KHARTOUM, Dec 25 (Reuters) - Black market rates for the Sudanese pound hit a record low against the dollar on the black market on Tuesday as importers struggled to get hard currency, likely adding to pressure on the government to raise state salaries.
There is little foreign or official market trading in the Sudanese pound but its rate on the black or parallel market is an indicator of the mood of the business community and ordinary people tired after years of economic crises and ethnical conflict.
The rate is watched by foreign firms which sell products in pounds but struggle to convert profits into dollars. Cell operators Zain and MTN or Gulf banks such as Dubai Islamic Bank have investments in Sudan.
Sudan has avoided an “Arab spring” like neighbours Egypt and Libya but the government faces dissent over spiraling inflation due to the loss of three-quarters of its oil production when South Sudan seceded in July 2011.
Oil was not only the main source for state revenues but also for dollars needed to fund imports as Sudan produces little. Annual inflation hit 46.5 percent in November, triple the 15 percent in June 2011, the last data before southern secession.
On Tuesday, one dollar bought up to 7.1 pounds, passing for the first time the psychological mark of 7. Last week, the rate on the black or parallel market, which has become the benchmark, was around 6.9. At the time of secession it was 3.3.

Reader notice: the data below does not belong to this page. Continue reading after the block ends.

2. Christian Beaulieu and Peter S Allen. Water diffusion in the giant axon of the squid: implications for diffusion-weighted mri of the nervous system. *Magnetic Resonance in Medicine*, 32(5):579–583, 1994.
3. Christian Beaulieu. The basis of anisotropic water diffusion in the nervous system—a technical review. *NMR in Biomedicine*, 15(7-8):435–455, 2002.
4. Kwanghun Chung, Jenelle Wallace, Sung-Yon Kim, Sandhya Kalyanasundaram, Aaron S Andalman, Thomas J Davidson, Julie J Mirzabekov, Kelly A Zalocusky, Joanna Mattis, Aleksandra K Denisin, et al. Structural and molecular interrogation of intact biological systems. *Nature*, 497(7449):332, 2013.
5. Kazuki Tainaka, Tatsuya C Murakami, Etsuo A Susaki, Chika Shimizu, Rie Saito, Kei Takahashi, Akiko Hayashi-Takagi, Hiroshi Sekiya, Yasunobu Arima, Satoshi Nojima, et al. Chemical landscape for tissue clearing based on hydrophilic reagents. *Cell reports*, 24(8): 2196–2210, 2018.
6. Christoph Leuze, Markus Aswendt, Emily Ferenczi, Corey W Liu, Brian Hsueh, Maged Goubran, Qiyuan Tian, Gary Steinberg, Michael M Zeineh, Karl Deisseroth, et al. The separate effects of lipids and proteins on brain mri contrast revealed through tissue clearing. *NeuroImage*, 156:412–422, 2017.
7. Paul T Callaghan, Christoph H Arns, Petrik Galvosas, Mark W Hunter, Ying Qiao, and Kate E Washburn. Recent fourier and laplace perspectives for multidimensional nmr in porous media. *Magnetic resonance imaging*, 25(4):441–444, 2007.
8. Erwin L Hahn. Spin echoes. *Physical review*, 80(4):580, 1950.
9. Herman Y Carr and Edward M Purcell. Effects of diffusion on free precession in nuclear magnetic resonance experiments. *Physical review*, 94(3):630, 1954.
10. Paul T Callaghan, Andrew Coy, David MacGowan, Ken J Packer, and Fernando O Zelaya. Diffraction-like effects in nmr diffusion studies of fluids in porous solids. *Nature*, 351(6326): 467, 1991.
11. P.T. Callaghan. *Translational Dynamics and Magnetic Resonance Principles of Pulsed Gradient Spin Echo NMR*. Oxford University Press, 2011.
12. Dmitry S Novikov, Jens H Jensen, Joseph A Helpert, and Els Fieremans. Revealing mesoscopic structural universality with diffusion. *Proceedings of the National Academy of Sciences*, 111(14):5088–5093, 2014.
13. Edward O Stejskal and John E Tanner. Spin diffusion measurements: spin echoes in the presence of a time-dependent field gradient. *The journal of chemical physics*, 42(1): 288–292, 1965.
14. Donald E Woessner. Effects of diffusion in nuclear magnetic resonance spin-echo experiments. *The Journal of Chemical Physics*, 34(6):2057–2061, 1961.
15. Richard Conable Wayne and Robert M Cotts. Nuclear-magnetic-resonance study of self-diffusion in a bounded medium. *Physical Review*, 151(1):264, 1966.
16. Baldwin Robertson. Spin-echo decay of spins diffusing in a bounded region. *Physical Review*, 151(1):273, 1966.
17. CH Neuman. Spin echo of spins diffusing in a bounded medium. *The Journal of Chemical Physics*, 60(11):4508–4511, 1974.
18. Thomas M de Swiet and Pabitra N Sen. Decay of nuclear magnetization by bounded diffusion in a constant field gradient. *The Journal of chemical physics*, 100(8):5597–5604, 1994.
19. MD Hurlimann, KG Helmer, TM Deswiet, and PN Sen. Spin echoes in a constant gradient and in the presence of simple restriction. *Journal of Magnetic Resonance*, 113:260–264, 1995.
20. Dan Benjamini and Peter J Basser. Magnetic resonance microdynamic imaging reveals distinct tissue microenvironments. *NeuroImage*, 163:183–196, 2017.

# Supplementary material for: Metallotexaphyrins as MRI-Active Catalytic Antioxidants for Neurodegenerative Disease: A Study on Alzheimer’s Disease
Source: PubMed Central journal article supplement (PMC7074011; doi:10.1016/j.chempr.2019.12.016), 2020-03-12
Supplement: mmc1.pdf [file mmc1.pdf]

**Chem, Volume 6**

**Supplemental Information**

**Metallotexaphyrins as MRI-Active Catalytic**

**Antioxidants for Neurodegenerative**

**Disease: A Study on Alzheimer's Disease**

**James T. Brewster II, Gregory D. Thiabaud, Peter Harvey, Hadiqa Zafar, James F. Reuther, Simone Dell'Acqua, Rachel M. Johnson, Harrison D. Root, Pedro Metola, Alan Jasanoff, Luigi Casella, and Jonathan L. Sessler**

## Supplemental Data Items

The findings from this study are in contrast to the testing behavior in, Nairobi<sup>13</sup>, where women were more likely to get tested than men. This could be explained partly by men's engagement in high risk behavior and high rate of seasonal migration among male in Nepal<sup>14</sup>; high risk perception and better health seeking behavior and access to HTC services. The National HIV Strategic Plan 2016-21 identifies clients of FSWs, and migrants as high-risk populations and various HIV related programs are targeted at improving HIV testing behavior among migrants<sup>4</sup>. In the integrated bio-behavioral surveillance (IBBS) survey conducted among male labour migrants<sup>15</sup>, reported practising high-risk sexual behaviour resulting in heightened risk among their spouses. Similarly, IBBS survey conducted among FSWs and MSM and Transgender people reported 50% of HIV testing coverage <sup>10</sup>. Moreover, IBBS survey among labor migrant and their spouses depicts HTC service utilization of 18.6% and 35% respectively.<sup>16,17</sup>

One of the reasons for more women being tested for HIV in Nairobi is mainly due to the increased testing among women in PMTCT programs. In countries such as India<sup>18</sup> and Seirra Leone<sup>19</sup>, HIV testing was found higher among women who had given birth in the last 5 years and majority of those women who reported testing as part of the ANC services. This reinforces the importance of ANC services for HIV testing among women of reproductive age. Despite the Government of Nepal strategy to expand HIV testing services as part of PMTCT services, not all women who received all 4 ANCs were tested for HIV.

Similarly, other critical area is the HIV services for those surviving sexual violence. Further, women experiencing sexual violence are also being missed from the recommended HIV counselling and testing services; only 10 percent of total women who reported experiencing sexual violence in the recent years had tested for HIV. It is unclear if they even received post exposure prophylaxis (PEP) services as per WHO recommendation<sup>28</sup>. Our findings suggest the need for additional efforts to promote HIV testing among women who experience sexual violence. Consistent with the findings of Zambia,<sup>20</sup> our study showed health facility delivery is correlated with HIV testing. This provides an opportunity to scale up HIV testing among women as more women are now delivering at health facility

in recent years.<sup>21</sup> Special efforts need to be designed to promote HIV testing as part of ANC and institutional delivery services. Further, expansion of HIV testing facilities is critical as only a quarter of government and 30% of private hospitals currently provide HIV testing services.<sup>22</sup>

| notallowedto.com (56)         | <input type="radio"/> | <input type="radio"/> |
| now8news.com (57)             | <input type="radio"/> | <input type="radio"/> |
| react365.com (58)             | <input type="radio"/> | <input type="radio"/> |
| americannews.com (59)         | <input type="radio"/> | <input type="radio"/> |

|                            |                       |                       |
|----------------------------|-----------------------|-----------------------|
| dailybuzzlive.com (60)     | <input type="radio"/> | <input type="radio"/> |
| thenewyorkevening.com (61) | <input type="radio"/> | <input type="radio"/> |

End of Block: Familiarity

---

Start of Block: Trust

By contrast, the official rate stands at around 4.4 but it has little value as the central bank and commercial lenders are unable to produce enough dollars through official channels for import firms, traders say.
“It is almost impossible to get dollars in Khartoum and it gets worse,” said a black market trader. “The mood is very bad.”
The opposition has been unable to mobilize mass protests against veteran President Omar Hassan al-Bashir but the pound’s slide has sparked calls even from inside his ruling party to increase salaries in the public sector, where most people work.
Analysts say such a move would further fuel inflation and weaken the pound as the central bank would have to print yet more money.
Trade unions also called on Sunday on the government to increase the minimum salary, state news agency SUNA said.
To offset the loss of oil the government has been boosting gold exports and trying to buy up all locally-produced gold -- often above the market price, according to industry sources, which is fuelling inflation.
South Sudan was supposed to pay Khartoum to pipe crude exports through Sudan, but the new nation shut down its entire 350,000-barrel-per-day output in January in a row over fees.
The two signed a series of deals in September that paved the way to restarting exports, but disagreements over how to implement them have delayed the resumption.
Both countries held talks several times this month but have yet to agree on how to set up a border security zone, a move needed to restart oil exports. They will resume talks in mid-January. (Reporting by Khalid Abdelaziz; Writing by Ulf Laessing; editing by Patrick Graham)